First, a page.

FIGHTING DOMESTIC VIOLENCE REQUIRES DELIBERATE LEGISLATION
Domestic Violence is one of the most common violations of human rights committed across the globe, often difficult to eradicate because many incidents go unreported. Generally, violence against humans falls under the fundamental human rights protection laws, albeit many countries are taking deliberate steps to fight domestic violence by enacting laws that specifically address this as a separate offence. One of such is the Domestic Violence Leave Act that has been adopted in a few countries like in New Zealand where victims are granted 10 days paid leave to allow them leave their partners (perpetrators), to find new homes and protect themselves and their children.
According to the World Health Organisation, one out of three women is reported to have experienced violence which are more often committed by intimate partners and family members. Women all over the world stand a higher risk of suffering from domestic violence than men, in many ways that are harmful to their health, both physically and psychologically, and this negatively impacts on their various employment status and childcare ability.
Victims of domestic violence are at a high risk of job loss due to a decline in productivity resulting from the physical and mental harm suffered. Hence, victims and survivors should be afforded time, space, and support to rebuild their lives and ensure adequate security.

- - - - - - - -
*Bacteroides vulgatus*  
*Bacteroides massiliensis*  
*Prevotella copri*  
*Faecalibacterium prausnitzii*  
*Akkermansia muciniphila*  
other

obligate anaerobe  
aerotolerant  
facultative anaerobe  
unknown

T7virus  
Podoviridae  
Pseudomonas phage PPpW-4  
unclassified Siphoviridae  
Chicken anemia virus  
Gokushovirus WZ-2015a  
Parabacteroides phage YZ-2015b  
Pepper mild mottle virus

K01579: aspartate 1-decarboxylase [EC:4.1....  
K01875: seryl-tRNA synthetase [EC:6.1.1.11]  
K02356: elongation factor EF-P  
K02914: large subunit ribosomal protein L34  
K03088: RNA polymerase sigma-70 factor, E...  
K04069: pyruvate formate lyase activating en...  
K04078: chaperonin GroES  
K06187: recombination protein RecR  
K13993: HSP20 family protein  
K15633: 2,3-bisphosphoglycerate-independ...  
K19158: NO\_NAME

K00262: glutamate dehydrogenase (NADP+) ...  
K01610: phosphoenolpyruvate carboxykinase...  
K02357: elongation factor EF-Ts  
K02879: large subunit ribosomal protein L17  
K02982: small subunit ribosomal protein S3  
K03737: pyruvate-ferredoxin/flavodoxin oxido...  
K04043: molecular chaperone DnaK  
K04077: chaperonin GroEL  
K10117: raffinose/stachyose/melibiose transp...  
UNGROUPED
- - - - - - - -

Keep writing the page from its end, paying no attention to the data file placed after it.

This month of October is recognised as the International month for combating the scourge of domestic abuse. It follows that ending domestic violence requires an approach that is holistic especially in developing countries like Nigeria, where the society's acceptance of abuse is prevalent, and some states have laws that allow spousal abuse in the form of correction.
Governments should create deliberate local laws that are both preventive and proactive, by enacting capital punishments for perpetrators and restorative processes for victims of such acts.
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